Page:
I review a whole season rather than individual episodes, so there is a chance of spoilers. If you haven’t watched the whole season yet, stop reading now!
British TV has a long tradition of creating cult sitcoms which are fantastic but lack the popularity and fanfare of some of their American cousins. Friday Night Dinner, even though it is now in it’s fourth season, has that cult feel to it. It is also benefiting from not being a huge, ridiculously popular sitcom, taking advantage of the freedom that being under the radar can offer.
For example, even four seasons in, the format and basic situation hasn’t changed. It is set-around every Friday when the four main characters come together for their evening meal (usually at the parent’s house). Other sitcoms may have felt forced to expand, go bigger or bolder with their stories but Friday Night Dinner does well to keep the same, smaller and simpler scenario that makes the comedy feel not just authentic but really familiar too.
This is down to the four central performances. The parents are great, being played by sitcom legend Tamsin Greig and stalwart actor Paul Ritter, who’s eccentric Martin would steal the show if it wasn’t for the eclectic supporting cast.
The best part of the sitcom is the chemistry between the two brothers. Their pranks, antics and general games with each other has developed and grown as the series has progressed and it is no different here. Simon Bird and Tom Rosenthal manage to make every scene funny, playing off each other perfectly, almost believably as two brothers.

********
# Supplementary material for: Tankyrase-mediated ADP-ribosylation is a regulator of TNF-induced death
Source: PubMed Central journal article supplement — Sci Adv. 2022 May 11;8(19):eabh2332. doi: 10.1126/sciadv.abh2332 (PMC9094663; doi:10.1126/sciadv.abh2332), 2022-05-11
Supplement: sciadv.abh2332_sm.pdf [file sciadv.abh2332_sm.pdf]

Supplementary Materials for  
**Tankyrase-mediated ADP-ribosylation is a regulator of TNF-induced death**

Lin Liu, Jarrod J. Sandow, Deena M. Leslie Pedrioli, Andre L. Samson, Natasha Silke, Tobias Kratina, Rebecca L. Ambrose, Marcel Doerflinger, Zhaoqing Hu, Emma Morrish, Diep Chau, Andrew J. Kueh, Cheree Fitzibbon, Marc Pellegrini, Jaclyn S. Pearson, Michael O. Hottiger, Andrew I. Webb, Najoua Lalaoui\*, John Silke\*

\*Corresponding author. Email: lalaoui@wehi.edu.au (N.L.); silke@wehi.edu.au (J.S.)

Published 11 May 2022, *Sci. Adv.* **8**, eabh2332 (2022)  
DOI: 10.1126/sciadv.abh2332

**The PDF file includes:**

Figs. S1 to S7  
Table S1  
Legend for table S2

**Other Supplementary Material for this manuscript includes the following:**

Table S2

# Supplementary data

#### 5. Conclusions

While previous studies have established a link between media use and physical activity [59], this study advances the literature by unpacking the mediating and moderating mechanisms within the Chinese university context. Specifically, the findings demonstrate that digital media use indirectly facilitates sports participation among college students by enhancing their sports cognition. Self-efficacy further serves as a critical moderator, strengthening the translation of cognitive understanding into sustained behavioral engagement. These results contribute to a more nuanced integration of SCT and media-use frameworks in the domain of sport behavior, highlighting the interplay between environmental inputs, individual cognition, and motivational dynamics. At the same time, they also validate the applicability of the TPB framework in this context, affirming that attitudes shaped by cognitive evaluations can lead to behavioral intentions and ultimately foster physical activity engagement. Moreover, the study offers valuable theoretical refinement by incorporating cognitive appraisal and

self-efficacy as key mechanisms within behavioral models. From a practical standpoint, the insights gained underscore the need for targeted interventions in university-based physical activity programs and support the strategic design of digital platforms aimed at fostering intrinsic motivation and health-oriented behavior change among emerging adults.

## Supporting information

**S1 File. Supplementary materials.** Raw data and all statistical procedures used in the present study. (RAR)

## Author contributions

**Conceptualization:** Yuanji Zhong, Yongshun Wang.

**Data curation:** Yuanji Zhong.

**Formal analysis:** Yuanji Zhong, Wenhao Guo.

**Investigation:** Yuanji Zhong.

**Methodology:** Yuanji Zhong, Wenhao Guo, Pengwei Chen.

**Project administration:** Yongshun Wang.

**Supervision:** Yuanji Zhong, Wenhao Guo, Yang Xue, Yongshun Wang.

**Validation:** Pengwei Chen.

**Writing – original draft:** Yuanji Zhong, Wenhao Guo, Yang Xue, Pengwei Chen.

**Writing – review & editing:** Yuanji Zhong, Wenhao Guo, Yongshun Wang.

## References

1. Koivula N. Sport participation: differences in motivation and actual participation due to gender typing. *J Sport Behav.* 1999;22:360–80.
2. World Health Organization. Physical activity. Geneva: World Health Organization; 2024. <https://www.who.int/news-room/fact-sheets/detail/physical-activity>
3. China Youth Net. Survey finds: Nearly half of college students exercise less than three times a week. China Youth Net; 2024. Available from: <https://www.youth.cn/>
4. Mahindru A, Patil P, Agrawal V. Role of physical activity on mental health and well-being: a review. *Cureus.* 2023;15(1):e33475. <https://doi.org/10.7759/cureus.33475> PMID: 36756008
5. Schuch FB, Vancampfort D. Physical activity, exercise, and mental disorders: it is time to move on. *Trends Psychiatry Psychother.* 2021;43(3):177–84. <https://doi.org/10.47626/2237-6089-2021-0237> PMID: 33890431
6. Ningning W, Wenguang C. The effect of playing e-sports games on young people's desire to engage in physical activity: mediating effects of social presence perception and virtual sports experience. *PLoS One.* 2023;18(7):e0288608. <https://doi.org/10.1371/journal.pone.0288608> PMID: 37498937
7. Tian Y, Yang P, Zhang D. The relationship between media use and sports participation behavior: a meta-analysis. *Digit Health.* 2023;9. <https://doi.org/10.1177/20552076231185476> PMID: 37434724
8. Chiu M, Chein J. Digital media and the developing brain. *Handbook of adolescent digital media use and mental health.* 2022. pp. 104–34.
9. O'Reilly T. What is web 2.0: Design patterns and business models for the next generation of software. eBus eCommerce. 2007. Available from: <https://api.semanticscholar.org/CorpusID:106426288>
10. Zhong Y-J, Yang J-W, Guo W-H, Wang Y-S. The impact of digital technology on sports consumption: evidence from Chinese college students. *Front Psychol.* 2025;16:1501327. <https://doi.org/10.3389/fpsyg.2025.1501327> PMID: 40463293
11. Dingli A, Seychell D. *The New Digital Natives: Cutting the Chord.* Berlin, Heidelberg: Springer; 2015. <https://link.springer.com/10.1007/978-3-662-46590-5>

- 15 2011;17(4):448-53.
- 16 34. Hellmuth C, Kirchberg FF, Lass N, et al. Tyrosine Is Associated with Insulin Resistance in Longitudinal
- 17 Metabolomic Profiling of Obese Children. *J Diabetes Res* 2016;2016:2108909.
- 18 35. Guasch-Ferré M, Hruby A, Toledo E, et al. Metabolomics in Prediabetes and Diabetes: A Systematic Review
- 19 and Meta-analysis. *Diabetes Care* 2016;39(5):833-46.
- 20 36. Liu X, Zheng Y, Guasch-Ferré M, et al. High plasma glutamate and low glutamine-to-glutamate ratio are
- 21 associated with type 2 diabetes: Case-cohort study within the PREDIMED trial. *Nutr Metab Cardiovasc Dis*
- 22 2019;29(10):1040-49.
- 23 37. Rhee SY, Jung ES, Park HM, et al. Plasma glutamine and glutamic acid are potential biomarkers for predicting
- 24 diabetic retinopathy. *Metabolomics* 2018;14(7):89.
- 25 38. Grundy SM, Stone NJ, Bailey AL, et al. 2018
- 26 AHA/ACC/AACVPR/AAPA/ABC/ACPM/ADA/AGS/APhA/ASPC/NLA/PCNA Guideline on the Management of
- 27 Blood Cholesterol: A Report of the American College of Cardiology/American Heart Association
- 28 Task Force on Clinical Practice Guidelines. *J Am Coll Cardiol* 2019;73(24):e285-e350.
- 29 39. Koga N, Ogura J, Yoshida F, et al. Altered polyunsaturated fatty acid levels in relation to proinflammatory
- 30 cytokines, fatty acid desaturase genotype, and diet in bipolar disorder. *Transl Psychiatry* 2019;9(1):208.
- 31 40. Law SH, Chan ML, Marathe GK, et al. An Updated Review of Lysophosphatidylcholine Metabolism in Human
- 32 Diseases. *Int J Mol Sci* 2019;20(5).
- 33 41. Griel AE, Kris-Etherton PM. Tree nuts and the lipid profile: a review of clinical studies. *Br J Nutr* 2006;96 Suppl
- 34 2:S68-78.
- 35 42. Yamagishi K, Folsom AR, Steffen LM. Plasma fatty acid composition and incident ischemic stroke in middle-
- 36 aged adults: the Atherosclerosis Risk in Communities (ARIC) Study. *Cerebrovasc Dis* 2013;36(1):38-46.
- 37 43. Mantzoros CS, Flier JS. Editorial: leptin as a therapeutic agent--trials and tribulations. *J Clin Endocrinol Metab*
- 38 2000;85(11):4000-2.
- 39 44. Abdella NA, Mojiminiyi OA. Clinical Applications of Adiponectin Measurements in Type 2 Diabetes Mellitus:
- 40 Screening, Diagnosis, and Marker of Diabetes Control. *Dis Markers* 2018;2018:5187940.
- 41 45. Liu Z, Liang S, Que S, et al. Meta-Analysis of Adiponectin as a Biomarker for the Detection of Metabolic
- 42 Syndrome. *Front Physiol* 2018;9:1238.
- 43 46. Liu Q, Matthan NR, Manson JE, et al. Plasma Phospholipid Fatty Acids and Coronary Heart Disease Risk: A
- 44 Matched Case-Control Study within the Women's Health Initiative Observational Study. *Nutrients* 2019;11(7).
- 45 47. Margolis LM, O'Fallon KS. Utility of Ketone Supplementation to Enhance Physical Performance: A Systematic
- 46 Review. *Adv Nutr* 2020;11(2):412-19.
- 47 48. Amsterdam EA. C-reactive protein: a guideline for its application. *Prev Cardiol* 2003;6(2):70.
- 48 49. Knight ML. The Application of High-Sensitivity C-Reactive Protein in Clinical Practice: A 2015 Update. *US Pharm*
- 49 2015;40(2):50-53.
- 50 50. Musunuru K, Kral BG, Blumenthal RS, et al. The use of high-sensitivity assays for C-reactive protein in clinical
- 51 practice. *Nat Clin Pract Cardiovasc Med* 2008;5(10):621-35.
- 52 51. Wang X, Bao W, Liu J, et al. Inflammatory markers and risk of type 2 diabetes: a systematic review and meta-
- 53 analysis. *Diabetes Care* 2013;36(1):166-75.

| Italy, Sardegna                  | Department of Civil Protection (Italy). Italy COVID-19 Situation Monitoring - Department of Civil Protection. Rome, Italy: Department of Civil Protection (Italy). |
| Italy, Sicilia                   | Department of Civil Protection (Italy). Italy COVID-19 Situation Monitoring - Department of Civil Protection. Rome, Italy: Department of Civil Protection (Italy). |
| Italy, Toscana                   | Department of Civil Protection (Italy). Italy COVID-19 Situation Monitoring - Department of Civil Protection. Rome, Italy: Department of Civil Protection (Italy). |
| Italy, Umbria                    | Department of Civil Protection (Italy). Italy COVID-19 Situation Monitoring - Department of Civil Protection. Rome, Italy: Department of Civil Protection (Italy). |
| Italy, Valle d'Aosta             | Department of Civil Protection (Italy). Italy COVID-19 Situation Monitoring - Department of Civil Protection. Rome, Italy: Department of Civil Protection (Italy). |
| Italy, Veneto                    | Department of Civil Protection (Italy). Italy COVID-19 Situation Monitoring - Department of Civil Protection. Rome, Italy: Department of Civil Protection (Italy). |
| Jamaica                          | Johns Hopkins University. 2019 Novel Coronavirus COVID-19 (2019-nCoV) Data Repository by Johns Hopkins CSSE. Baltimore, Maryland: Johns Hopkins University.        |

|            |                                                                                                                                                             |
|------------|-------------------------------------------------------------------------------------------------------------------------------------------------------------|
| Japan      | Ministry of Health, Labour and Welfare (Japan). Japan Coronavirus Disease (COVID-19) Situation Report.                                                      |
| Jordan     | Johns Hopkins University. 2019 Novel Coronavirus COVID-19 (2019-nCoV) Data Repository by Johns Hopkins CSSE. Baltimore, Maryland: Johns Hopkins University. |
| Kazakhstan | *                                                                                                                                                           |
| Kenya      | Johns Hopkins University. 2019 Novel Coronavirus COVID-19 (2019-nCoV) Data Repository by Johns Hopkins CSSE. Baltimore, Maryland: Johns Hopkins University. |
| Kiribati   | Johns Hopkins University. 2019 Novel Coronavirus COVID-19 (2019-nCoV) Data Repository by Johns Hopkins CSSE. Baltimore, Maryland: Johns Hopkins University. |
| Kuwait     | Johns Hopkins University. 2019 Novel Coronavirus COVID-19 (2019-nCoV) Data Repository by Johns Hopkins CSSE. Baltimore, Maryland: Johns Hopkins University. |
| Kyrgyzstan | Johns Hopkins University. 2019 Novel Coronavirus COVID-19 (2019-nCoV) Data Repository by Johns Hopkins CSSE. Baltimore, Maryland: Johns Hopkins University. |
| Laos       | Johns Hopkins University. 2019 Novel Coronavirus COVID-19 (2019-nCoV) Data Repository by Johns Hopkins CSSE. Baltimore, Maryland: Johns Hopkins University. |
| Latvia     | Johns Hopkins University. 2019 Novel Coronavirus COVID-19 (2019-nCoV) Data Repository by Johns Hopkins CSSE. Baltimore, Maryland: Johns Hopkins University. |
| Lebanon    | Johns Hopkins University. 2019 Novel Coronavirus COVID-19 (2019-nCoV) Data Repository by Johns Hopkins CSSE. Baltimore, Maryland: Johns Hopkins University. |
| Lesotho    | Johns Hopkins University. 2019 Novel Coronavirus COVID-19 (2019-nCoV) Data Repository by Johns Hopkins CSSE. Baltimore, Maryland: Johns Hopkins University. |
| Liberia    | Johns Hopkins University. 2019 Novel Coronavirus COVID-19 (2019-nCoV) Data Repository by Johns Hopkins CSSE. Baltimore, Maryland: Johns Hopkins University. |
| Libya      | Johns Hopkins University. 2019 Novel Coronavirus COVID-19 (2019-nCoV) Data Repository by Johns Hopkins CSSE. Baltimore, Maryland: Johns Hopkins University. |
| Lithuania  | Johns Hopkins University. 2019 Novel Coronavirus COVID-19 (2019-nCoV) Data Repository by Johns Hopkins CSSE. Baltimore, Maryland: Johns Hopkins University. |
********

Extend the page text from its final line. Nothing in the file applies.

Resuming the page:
The stories fit the family dynamic and like any good sitcom, a small, insignificant situation begins to grow and spiral out of control well. Inviting a guest to dinner becomes a farce when the wrong “Tony” was invited, a spill on the carpet is complicated when you have to hide it from eagle-eyed Mum while a funeral becomes the highlight of the series.
In this episode particularly, neighbour Jim, played excellently by Mark Heap, is at his best. His bizarre obsession with the family comes to a great climax here. Heap conveys great physical comedy, from the traditional slapstick to the more subtle movements which demonstrate how afraid of his dog he is.
As good as the escalation in events can be, it can sometimes get away from the writers, and some episodes border on the ridiculous, which was never really an issue before. It rarely happens too much and it is always bought back very well, usually with the help of the fantastic cast.
Overall, Friday Night Dinner is using it’s lack of huge fame to carve out a successful cult sitcom. The characters and cast who play them are great as ever, particularly Mark Heap, and although the stories are becoming more ridiculous, the show is consistently funny.
Best Episode – The Funeral: Each character and actor is on form here, with Mark Heap stealing the show.
Best performance – Mark Heap as Jim
Should there be another season? – Definitely. Plenty of life left in the manic family yet.
Season Rating – 4
(1 – Awful, 2 – Average, 3 – Good, 4 – Great, 5! – Must See)